Quite possible. Christian theology makes room for angels and saints, and I suppose the Tuatha de Danann could be adapted to one or the other (or a mixture of both). Wasn't Brighid something of a folkloric figure before she was maid into a saint?
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Re: "No Other Gods Before Me"
« Reply #2 on: August 19, 2019, 09:56:04 pm »
I'd agree with you. This passage seems to suggest henotheism or monolatry (most likely the latter, because of course My God Can Beat Up Your God, and my God wants All The Attention).
I believe the arrival at monotheism was a process, not an event.
At the time, probably not. I think YHVH was pretty much just a tribal deity at that point, and a main point behind their orthopraxy was to distinguish them as Chosen People from any rival tribes (and their gods).
Quite possible. Christian theology makes room for angels and saints, and I suppose the Tuatha de Danann could be adapted to one or the other (or a mixture of both). Wasn't Brighid something of a folkloric figure before she was maid into a saint?

So only a limited response at this moment as I am on my tablet and with a slow connection.

Yes Brigid was a Goddess before she was a Saint. I am particularly interested in how Pagan cultures transitioned to Christianity and sometimes mixed the two. This especially with Celtic Pagans, my area of interest.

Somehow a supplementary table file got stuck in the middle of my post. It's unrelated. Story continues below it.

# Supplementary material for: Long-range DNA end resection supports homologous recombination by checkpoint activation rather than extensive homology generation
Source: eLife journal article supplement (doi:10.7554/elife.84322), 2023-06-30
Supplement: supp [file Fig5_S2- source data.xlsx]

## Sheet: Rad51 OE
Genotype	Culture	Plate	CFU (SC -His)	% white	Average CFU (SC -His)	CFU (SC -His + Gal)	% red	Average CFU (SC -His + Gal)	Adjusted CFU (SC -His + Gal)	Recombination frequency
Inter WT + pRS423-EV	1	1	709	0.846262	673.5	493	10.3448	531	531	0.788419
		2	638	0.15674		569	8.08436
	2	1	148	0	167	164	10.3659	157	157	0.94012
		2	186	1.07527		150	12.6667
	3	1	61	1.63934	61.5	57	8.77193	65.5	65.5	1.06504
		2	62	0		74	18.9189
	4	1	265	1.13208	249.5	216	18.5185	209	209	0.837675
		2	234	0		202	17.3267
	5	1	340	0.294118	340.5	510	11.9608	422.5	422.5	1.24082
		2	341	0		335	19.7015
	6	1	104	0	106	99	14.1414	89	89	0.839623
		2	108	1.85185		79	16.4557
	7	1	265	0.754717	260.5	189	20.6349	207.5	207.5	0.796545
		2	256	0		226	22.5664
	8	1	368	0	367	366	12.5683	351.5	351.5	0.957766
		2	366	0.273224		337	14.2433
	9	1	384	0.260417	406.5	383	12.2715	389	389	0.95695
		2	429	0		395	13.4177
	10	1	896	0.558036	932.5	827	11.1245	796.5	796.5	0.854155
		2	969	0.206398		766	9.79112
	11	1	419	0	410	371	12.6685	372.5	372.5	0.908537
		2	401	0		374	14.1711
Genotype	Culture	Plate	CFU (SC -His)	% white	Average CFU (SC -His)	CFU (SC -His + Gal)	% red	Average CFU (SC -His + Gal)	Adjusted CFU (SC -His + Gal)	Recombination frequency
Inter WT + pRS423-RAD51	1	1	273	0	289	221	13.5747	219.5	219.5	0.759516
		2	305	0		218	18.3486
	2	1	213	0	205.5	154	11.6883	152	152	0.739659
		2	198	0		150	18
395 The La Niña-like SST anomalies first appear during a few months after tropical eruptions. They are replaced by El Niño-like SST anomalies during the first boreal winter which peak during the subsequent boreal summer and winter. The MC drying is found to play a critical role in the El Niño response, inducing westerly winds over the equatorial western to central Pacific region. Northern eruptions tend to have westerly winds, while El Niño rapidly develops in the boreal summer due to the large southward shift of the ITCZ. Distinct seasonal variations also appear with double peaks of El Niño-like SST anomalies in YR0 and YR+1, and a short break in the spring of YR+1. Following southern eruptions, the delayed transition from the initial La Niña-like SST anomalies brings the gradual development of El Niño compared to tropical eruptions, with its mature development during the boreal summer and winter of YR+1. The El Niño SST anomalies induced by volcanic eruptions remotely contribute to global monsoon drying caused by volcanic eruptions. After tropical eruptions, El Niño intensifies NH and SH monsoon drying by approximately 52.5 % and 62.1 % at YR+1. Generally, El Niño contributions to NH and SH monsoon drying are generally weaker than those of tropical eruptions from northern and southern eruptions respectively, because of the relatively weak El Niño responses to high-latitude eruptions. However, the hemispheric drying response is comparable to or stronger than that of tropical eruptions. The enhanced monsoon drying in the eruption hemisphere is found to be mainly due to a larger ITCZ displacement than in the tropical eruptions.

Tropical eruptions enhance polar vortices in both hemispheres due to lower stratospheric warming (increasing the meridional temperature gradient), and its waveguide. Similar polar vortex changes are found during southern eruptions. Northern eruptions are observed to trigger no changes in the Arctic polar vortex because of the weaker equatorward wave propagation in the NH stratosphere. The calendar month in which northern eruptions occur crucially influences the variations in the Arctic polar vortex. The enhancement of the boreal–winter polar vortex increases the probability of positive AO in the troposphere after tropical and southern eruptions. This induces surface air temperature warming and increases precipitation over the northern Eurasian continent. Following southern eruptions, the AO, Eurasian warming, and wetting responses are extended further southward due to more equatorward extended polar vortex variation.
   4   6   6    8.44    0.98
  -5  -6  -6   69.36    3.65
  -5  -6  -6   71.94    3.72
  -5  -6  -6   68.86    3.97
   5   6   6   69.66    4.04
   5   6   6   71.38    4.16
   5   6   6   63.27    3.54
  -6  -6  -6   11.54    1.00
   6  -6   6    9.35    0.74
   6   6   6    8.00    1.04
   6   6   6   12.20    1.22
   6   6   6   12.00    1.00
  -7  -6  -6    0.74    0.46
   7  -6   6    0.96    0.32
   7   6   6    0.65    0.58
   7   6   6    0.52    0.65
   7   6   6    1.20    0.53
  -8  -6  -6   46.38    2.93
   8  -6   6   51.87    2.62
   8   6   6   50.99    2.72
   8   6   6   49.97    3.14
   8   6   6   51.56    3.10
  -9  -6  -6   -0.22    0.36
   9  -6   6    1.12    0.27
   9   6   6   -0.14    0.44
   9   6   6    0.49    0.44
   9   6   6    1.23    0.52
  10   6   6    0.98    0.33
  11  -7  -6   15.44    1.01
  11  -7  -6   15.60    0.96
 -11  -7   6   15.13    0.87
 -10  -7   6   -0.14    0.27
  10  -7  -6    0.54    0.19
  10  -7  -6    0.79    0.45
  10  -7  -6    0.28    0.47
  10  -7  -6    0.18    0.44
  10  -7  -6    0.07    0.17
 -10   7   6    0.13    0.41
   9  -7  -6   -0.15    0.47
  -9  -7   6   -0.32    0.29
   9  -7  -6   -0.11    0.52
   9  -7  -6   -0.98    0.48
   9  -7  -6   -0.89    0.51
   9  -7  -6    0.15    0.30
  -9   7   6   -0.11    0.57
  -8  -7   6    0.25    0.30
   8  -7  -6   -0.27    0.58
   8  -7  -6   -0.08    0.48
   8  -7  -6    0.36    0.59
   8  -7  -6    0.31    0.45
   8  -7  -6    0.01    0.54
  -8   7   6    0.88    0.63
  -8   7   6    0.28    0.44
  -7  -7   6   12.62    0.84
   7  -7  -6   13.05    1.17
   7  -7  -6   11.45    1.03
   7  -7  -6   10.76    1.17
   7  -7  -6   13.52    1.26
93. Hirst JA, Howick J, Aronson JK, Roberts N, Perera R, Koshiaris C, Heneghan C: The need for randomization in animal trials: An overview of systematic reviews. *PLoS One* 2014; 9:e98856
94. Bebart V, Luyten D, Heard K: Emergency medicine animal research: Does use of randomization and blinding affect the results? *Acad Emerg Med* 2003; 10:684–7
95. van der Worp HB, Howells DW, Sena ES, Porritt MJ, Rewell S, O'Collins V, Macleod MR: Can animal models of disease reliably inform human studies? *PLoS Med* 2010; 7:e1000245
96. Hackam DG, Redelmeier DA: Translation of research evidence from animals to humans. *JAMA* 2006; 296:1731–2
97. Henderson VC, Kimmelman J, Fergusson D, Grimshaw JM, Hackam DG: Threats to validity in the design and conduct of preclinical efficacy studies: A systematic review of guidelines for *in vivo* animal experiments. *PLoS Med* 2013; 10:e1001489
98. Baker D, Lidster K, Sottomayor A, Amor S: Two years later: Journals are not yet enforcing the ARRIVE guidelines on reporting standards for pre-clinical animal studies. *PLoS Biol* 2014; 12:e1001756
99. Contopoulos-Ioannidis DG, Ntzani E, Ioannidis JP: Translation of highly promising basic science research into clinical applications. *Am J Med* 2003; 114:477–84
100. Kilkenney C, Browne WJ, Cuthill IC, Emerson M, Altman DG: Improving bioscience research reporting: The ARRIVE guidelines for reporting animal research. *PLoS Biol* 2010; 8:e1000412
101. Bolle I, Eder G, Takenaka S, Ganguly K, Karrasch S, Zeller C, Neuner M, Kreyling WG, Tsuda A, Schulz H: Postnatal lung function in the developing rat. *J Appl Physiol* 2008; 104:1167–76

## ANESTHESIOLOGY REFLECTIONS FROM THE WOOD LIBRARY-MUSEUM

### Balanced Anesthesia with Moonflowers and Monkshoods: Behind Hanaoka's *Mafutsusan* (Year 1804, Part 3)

I need to look up henotheism and monolatry before I address that part of your comment. I have seen the terms before, but do not have a strong grasp on them.

I wonder how someone who is Christian might deal with the fact that Yahweh was at one point not the only God around.

Anyway  thanks for the response. I will be back to check this thread later if my wi fi holds out.

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Re: "No Other Gods Before Me"
« Reply #3 on: August 19, 2019, 10:03:29 pm »

It's not like this is an uncommon perspective in the ancient world - pretty much every cultural pantheon operates under the "our gods are the correct gods for our people" paradigm.  One of the core ways that this worked is that you can tell other people are not your people because they have different gods.

And some cultures carried this on to sports-team theology "and our gods are obviously the best gods", which included things like declaring other pantheons lesser or subordinate; of constructing mythologies of conquest and defeat (this is one of the theories I've seen about Zeus's tomcatting around: it was a way of proving he had "conquered" local goddesses as various empires expanded to absorb those territories); of adopting gods as being "actually" the offspring of the pantheon or actually members of the pantheon wearing different hats/names.  The Roman Empire's cultural expansion basically ran on "Oh, you call Mercury that and Jupiter this?  Cool!  So rename your icons Mercury-That and Jupiter-This, and we won't kick your asses."